Google Working on Facebook Killer?

Hints at a "Google Me" clone of Facebook get more credible

A minor firestorm of speculation was set off when Digg founder and CEO Kevin Rose announced on Twitter that Google was working on a project called "Google Me," meant to be a direct competitor to Facebook.

The message has since been removed by Rose, who told This Week in Tech that he was asked to do so. It's also been given some additional credibility in the form of a message from a former Facebook executive.

Adam D'Angelo, formerly Facebook's Chief Technology Officer, wrote in response to a query on Quora:

Here is what I’ve pieced together from some reliable sources:

  • This is not a rumor. This is a real project. There are a large number of people working on it. I am completely confident about this.
  • They realized that Buzz wasn’t enough and that they need to build out a full, first-class social network. They are modeling it off of Facebook.
  • Unlike previous attempts (before Buzz at least), this is a high-priority project within Google.
  • They had assumed that Facebook’s growth would slow as it grew, and that Facebook wouldn’t be able to have too much leverage over them, but then it just didn’t stop, and now they are really scared.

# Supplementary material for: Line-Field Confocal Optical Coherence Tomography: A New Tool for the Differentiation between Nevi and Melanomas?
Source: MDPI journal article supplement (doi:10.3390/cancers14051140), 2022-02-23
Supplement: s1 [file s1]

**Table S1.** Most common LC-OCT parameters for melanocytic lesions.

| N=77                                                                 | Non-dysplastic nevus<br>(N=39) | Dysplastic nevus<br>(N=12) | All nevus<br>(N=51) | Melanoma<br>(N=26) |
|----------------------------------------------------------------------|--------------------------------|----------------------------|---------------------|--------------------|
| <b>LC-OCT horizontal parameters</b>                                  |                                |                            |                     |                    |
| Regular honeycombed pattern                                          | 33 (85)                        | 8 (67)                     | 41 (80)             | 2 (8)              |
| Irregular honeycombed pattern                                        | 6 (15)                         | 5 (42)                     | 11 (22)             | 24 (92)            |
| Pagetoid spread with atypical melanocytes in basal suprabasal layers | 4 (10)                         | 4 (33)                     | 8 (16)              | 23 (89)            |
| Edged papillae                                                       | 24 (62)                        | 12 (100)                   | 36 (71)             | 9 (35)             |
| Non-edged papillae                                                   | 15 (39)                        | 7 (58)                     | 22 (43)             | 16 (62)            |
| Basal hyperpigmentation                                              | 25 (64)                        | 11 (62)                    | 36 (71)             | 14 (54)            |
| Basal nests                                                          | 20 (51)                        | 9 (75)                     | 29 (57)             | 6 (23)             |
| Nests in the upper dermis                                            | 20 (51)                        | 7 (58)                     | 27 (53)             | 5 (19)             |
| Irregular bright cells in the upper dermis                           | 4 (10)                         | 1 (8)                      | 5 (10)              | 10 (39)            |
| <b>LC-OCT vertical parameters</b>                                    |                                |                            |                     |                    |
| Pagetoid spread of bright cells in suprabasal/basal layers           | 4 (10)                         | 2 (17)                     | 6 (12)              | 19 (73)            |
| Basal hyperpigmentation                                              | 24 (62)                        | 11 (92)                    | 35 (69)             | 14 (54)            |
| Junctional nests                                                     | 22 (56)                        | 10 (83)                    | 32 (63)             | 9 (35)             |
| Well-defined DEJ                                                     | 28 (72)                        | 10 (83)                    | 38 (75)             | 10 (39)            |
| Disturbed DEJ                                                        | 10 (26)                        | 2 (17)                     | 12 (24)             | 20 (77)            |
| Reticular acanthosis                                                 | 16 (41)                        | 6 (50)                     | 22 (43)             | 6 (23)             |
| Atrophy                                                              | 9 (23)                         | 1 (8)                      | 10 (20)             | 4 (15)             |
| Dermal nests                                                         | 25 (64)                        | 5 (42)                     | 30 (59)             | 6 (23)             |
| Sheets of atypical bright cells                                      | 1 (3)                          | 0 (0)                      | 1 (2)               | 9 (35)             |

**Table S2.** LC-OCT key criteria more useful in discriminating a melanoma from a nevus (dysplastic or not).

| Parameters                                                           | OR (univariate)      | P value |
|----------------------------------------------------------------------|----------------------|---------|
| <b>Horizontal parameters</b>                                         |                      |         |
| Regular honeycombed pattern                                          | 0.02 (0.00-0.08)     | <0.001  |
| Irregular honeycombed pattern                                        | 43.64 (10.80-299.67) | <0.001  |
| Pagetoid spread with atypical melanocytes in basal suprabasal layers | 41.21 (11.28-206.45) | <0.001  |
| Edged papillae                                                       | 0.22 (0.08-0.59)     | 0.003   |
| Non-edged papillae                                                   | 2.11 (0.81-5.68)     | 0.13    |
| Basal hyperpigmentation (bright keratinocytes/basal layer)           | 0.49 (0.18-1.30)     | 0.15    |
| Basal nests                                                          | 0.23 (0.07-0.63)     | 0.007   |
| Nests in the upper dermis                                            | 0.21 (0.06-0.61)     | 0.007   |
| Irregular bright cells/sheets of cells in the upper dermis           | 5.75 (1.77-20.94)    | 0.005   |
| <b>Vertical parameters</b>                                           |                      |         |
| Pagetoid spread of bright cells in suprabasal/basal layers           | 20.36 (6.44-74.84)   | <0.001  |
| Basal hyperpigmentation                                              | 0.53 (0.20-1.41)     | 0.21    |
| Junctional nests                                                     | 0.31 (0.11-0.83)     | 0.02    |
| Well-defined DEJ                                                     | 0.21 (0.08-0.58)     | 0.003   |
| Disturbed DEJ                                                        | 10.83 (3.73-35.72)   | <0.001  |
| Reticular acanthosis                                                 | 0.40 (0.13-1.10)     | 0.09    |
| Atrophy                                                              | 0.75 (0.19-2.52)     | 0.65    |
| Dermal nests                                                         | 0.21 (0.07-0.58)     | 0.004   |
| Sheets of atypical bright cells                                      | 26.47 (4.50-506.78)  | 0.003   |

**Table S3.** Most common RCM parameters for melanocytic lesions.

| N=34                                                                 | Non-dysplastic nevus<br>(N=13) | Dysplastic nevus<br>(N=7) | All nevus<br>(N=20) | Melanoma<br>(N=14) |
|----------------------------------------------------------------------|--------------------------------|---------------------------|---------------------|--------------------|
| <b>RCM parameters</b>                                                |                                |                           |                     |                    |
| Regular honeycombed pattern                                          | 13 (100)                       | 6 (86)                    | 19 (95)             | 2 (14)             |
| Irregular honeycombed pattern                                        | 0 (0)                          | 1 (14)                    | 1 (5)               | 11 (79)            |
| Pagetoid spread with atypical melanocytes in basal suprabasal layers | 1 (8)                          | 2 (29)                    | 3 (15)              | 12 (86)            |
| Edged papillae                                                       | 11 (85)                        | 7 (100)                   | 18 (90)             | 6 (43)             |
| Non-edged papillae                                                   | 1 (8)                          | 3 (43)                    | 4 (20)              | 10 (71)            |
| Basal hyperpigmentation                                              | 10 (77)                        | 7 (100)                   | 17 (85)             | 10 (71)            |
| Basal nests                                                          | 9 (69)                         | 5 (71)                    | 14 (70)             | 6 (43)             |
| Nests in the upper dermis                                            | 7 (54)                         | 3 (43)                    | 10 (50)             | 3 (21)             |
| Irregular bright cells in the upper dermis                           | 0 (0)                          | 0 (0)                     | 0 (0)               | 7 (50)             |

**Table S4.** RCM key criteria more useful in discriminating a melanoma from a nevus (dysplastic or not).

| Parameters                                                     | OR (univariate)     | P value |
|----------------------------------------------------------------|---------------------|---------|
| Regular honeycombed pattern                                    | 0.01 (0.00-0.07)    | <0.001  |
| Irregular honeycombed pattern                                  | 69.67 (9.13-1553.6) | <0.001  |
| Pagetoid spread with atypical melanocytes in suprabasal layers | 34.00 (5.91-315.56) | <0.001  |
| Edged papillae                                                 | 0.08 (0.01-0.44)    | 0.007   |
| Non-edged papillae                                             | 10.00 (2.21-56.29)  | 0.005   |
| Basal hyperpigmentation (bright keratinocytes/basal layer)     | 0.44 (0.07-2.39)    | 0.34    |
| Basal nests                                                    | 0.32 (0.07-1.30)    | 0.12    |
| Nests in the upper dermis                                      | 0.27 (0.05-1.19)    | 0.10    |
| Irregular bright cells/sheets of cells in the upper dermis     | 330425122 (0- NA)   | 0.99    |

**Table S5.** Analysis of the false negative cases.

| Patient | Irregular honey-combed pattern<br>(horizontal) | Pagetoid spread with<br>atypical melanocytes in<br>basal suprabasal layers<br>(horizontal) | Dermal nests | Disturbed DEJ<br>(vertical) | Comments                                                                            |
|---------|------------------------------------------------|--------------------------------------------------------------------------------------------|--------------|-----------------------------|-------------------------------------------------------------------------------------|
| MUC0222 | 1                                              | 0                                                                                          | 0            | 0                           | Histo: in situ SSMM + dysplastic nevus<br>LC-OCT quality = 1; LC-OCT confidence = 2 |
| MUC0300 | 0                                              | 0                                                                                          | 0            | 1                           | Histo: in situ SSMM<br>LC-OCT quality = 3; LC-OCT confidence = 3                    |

Obviously, Google has said nothing publicly to confirm or deny the rumor.

The company's social network efforts have generally sputtered, with early project Orkut losing market share to Facebook in the international markets like Brazil, where the former once had a strong foothold, and Google's Buzz hardly taking the world by storm.

One of the reasons Google justifies giving away so much for free -- from Google Maps to YouTube to email and office productivity and mobile operating systems -- is to get people visiting more and more websites where it can place click-through advertising, which accounts for more than 90 percent of its revenue.

Seeing more and more users spending more and more time on Facebook would certainly be cause for concern, then. So getting users to play Farmville and post status updates on a site where Google controls the advertising inventory would be a natural move.

Whether or not Google can build something that will convince hordes of casual Facebook users to switch is anyone's guess. At least they got one part of Facebook's tactics right -- pushing privacy-invading new features on users, as in the case of Buzz's integration of Gmail, only to face massive media backlash.

Jackson West doesn't really use Facebook, so isn't exactly dying for a competitor to switch to.

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